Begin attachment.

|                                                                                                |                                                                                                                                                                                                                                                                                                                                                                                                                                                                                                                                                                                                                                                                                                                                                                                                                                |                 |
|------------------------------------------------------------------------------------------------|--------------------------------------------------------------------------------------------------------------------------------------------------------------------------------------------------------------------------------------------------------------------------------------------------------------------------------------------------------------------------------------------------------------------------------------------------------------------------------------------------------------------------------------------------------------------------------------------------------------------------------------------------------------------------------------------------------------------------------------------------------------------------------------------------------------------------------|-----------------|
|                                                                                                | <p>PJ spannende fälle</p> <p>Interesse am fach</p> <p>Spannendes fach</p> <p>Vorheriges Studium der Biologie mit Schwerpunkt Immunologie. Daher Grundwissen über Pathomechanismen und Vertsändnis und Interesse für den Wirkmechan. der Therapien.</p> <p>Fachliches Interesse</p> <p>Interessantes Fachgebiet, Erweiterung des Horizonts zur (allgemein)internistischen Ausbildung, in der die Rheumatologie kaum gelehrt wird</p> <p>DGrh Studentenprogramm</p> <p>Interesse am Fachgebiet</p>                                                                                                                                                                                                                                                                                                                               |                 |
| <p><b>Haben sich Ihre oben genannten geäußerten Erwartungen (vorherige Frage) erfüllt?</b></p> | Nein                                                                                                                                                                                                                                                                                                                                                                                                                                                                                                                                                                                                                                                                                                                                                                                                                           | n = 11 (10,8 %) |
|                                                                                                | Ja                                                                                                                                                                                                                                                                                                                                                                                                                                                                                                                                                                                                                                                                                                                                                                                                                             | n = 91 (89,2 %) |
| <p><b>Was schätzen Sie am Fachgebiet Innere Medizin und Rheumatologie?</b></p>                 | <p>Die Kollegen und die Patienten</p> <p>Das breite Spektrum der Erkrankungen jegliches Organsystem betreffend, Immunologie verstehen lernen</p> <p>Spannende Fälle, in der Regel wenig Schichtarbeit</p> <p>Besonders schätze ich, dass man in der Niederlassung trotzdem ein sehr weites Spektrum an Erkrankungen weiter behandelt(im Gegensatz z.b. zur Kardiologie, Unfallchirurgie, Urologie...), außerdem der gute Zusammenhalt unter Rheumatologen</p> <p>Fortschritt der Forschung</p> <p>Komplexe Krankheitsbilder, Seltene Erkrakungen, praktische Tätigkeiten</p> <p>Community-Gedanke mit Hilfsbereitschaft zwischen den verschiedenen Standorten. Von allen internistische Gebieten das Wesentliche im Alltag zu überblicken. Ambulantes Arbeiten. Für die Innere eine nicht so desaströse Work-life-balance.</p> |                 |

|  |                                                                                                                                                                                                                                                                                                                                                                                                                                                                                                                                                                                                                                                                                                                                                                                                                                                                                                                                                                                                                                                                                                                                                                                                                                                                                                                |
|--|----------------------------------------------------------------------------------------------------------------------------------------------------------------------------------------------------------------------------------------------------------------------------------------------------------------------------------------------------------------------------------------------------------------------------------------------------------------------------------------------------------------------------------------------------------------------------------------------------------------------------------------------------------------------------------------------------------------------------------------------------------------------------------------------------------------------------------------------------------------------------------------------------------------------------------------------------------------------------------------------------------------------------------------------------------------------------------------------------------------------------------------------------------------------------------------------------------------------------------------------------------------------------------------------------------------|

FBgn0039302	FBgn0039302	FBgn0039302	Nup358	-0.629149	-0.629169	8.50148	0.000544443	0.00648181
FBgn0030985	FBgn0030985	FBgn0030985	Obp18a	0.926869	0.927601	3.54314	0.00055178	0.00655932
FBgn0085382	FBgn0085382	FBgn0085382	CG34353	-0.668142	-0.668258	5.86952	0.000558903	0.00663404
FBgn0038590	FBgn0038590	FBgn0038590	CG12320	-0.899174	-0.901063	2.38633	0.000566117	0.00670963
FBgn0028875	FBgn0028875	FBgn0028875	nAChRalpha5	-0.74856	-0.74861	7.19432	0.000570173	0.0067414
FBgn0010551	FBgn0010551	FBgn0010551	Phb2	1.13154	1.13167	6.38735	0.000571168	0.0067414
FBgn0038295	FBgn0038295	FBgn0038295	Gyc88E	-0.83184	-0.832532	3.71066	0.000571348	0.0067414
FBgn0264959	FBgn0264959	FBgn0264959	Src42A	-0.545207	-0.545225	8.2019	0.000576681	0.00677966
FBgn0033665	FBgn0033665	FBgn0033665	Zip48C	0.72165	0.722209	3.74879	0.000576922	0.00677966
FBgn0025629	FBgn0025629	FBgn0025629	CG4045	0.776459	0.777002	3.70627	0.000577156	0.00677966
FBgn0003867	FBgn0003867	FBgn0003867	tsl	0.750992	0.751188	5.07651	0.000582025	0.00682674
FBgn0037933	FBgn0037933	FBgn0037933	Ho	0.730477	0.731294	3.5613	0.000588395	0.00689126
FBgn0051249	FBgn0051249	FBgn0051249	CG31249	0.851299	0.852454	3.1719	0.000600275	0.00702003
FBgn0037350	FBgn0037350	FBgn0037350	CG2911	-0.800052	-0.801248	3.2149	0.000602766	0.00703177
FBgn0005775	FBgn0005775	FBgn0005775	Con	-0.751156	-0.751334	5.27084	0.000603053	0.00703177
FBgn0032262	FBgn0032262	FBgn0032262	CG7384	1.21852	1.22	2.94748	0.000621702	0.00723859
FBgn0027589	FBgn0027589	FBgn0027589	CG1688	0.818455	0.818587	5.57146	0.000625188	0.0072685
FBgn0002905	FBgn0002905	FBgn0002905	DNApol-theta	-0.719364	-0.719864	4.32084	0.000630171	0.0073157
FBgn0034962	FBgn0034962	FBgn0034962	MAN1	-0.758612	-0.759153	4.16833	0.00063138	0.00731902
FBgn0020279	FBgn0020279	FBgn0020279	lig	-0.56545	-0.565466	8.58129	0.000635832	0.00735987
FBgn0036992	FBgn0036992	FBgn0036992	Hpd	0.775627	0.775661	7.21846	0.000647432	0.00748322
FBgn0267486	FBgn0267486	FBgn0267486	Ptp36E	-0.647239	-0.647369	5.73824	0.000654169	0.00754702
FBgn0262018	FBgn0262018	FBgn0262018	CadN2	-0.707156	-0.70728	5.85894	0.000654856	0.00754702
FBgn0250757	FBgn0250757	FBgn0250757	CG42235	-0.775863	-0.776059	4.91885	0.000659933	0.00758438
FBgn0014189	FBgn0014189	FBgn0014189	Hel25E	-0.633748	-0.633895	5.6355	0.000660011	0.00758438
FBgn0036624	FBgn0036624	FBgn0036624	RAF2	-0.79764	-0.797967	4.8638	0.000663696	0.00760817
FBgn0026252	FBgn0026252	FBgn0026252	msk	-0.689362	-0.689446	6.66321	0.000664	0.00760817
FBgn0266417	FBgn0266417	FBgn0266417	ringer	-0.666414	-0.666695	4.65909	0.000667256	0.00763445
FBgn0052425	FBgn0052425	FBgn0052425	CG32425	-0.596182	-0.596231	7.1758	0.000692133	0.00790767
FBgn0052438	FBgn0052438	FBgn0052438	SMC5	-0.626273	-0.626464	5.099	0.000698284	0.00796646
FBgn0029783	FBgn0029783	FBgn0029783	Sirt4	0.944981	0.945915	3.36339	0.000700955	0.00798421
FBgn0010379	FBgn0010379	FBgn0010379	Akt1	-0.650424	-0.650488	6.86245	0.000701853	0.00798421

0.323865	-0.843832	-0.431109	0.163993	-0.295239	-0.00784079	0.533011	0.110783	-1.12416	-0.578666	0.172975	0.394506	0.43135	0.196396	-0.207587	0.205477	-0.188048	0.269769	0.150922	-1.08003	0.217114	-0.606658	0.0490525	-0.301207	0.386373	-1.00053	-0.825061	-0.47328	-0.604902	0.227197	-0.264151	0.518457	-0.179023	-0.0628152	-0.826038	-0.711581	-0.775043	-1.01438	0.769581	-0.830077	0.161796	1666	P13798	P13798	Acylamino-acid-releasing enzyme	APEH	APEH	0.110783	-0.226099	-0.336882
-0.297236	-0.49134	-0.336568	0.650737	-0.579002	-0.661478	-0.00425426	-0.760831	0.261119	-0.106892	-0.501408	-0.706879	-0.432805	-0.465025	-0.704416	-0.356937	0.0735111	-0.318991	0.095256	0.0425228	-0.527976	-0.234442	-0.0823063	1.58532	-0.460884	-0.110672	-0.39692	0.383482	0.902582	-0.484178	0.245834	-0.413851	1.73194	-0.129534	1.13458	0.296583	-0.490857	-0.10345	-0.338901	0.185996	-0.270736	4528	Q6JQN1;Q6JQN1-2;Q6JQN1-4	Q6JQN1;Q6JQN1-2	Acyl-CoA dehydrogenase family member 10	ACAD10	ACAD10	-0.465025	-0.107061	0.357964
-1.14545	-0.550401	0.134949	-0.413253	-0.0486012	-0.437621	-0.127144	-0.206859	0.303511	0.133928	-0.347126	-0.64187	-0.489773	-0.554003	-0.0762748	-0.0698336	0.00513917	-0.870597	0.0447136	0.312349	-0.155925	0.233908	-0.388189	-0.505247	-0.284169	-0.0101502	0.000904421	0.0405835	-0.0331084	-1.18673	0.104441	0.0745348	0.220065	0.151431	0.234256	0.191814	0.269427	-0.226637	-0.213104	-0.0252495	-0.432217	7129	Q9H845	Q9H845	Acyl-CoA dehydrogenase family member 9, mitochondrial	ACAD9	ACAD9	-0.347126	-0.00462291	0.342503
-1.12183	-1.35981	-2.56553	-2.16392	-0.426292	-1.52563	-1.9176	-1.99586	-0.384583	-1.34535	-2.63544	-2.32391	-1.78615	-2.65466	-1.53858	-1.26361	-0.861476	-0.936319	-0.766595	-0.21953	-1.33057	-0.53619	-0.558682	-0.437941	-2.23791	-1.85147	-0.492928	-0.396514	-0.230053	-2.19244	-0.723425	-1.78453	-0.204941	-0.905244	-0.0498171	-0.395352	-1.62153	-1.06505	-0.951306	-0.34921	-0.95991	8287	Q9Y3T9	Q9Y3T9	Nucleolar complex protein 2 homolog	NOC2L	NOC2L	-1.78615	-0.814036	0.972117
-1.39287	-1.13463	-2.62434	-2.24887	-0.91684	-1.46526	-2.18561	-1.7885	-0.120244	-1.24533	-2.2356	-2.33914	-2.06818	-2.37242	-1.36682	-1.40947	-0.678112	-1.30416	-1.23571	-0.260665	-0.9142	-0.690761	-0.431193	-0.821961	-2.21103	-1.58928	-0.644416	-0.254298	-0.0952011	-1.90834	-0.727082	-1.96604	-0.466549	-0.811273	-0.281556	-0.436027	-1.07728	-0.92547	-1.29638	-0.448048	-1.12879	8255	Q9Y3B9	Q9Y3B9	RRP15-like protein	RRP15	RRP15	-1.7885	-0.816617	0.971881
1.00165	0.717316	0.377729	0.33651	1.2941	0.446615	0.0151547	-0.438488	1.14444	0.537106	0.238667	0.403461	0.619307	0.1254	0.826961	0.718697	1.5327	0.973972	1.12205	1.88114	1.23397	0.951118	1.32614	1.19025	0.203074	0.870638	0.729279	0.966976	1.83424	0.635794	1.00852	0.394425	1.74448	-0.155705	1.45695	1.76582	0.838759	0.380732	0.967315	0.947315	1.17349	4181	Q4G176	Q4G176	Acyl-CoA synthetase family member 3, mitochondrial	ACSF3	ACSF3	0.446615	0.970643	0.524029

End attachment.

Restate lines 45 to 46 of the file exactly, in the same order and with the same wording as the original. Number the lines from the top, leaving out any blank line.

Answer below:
-1.39287	-1.13463	-2.62434	-2.24887	-0.91684	-1.46526	-2.18561	-1.7885	-0.120244	-1.24533	-2.2356	-2.33914	-2.06818	-2.37242	-1.36682	-1.40947	-0.678112	-1.30416	-1.23571	-0.260665	-0.9142	-0.690761	-0.431193	-0.821961	-2.21103	-1.58928	-0.644416	-0.254298	-0.0952011	-1.90834	-0.727082	-1.96604	-0.466549	-0.811273	-0.281556	-0.436027	-1.07728	-0.92547	-1.29638	-0.448048	-1.12879	8255	Q9Y3B9	Q9Y3B9	RRP15-like protein	RRP15	RRP15	-1.7885	-0.816617	0.971881
1.00165	0.717316	0.377729	0.33651	1.2941	0.446615	0.0151547	-0.438488	1.14444	0.537106	0.238667	0.403461	0.619307	0.1254	0.826961	0.718697	1.5327	0.973972	1.12205	1.88114	1.23397	0.951118	1.32614	1.19025	0.203074	0.870638	0.729279	0.966976	1.83424	0.635794	1.00852	0.394425	1.74448	-0.155705	1.45695	1.76582	0.838759	0.380732	0.967315	0.947315	1.17349	4181	Q4G176	Q4G176	Acyl-CoA synthetase family member 3, mitochondrial	ACSF3	ACSF3	0.446615	0.970643	0.524029